I love to get questions from people that watch the show, people that I know about running, about things that they don't know, they're struggling with, because I've been through pretty much all of it. And I can probably help you with that.
So, a little while back, last week, although when this comes out it’ll be a few weeks ago, during my weekly email, I talked about the podcast, the Smart Athlete Podcast, I asked people that are on my email list. I said, “Hey, are there any questions that you have for me that you would like answered?” If you have any questions, leave them down in the comments below.
But my coach actually sent me a question, something I think he's struggling with. I'm glad he deferred to me on the running section; cycling, swimming, triathlon in general, always gonna refer to him. But, so what he asked me is, it should be on the screen now. If you are a master's aged athlete who hasn't run for nearly a year, you really miss it, but getting back in seems like an overwhelming and daunting task.
What do you do? So, today's episode we're going to talk about, if you've been out of running for a while and you want to get back in again, what are the best steps to take to actually accomplish that?
So, at the end of this episode, stay tuned through the whole thing, I'm actually going to link to an interview I did with my coach for the very first episode of the Smart Athlete Podcast when I was just learning how to interview people and have conversations.
But Coach Ryan Ross has lots to share with you about, we talked about motivation, we talked about training, we talked about kind of his history, and the accomplishments that he's had with his Paralympic gold medal athlete.
So, he has plenty of ideas to share as well along with this video, so stay tuned to the end, I will link to that. Really the thing that underlies it coach's question is not necessarily an issue of what do I do. He knows how to plan a training plan. I trust him, I pay him to set up my training plan. So, I know that he knows how to set up a training plan. If you don't subscribe to the channel, bottom right-hand corner there, there are other videos on how to do that.
But what I want to talk about here is kind of the underlying issue that's going on. He says it seems daunting. That's not a matter of oh, I don't know how to set up a training schedule. Like I said, he obviously does. It's a matter of anxiety. There's something that's forcing you to procrastinate, forcing you to step back, and not do the thing that you believe you want to do.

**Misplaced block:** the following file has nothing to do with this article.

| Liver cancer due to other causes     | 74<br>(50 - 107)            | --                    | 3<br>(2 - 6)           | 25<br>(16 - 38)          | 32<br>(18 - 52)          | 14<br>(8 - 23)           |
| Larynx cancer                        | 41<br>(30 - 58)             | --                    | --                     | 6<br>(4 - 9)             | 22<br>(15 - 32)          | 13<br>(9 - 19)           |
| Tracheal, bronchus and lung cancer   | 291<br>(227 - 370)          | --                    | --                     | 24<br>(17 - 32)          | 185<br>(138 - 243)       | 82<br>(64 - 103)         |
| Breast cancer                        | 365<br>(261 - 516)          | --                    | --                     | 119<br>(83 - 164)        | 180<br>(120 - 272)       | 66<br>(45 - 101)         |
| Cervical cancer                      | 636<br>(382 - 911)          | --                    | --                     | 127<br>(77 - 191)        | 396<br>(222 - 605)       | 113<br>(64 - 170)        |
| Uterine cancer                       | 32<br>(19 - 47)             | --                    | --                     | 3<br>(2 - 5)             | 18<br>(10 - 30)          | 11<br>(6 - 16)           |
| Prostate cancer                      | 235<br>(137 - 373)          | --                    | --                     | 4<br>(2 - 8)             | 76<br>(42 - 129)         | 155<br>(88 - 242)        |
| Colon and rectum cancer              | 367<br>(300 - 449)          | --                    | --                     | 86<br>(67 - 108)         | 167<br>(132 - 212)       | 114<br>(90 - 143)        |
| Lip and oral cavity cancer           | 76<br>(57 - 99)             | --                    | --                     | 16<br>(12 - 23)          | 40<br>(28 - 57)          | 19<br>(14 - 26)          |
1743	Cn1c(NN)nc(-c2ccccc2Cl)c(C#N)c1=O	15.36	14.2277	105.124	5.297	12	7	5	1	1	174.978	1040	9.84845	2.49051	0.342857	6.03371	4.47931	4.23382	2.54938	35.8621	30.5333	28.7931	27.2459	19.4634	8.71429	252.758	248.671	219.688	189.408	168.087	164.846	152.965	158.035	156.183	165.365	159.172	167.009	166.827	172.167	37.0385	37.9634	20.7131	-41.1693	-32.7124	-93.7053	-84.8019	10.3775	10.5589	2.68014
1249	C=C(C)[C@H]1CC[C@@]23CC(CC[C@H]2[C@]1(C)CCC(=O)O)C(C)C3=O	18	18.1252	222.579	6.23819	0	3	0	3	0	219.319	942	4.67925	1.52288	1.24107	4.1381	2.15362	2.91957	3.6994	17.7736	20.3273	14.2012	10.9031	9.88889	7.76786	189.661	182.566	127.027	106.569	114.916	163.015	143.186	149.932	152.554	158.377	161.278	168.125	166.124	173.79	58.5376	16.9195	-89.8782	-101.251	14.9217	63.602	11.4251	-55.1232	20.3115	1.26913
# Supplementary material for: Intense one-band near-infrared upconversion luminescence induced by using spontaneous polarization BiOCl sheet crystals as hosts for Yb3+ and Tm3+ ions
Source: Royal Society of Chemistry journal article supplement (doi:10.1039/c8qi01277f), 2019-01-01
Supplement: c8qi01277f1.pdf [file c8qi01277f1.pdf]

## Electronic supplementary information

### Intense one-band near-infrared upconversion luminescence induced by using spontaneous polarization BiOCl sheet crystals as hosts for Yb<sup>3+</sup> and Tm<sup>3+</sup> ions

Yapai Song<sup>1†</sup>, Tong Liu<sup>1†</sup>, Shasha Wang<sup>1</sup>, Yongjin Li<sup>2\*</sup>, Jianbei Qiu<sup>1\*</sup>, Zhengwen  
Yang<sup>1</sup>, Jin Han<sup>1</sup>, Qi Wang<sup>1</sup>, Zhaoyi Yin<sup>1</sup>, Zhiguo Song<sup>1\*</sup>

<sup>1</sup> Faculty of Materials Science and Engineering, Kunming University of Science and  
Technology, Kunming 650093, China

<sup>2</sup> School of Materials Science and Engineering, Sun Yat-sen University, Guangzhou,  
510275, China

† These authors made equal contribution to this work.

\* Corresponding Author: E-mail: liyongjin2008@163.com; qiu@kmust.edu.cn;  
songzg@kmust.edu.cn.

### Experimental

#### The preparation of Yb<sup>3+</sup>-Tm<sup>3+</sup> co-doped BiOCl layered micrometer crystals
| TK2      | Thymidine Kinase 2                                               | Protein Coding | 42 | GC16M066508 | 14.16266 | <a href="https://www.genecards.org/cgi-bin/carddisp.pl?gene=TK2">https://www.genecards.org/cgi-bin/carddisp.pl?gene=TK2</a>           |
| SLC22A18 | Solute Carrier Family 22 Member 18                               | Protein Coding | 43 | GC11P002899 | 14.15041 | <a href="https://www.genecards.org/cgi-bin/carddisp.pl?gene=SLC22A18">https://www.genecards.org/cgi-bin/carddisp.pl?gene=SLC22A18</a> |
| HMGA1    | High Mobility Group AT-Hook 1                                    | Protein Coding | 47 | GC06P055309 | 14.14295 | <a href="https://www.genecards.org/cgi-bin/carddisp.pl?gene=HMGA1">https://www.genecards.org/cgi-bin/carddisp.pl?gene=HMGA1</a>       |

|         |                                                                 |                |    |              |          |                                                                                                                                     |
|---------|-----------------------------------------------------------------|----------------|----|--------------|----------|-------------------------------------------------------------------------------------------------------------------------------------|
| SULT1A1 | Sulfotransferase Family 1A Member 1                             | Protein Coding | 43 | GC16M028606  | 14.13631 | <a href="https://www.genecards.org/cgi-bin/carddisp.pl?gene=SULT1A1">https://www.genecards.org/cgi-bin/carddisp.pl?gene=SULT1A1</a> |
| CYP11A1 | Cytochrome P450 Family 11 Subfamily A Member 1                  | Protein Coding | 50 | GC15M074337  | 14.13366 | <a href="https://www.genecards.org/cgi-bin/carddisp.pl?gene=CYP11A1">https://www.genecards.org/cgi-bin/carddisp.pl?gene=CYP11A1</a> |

So, really, what this is, is more of a mental question, what is the trepidation? How do I get over this anxiety or this fear that's preventing me from moving forward? Because at the end of the day, when we're procrastinating on something it’s a matter of anxiety. It's not a matter of I don't want to do this. It's a fear about something that is going on with that particular situation.
I experienced this a lot as a kid going to karate class. I really loved karate. I loved being there, I love doing it. But kind of the days leading up to it, I would get this anxiety, and I feel like I didn't want to go. I didn't really or the tools or the time to deal with it and to kind of dive in and figure out what my problem was. But in retrospect, and after time, I've kind of figured out that it wasn't that I didn't want to be there. Because once I went there out of habit, I enjoyed being there.
I wanted to be there. I was happy to be there for the whole two hours. But it was because I had reached this point in my progression. I was a red belt, which is traditional karate system is right before brown and the black belt, and I kind of stalled out.
I was helping teach classes more than I was kind of learning new stuff that would help progress me forward. And I think this kind of anxiety built where it was like I don't want to go because I'm not making progress, and I've learned things about myself where progress is happiness. So, this is a little bit of a self-diagnosis that I had to make and realize that to get over this anxiety, I need to be making progress and I wasn't in a place to be able to do that.
So, you might be asking, what does my story about karate have to do with my coach's question? Well, the thing is, we have to identify what the fear is, what the anxiety is, that's holding him back or holding you back in this particular case, if you're here with me to say, okay, how do we deal with this? Now, I know my coach pretty well but I don't know in this case, what is going on. The things I might ask him are, did you get hurt? What stopped you from running in the first place?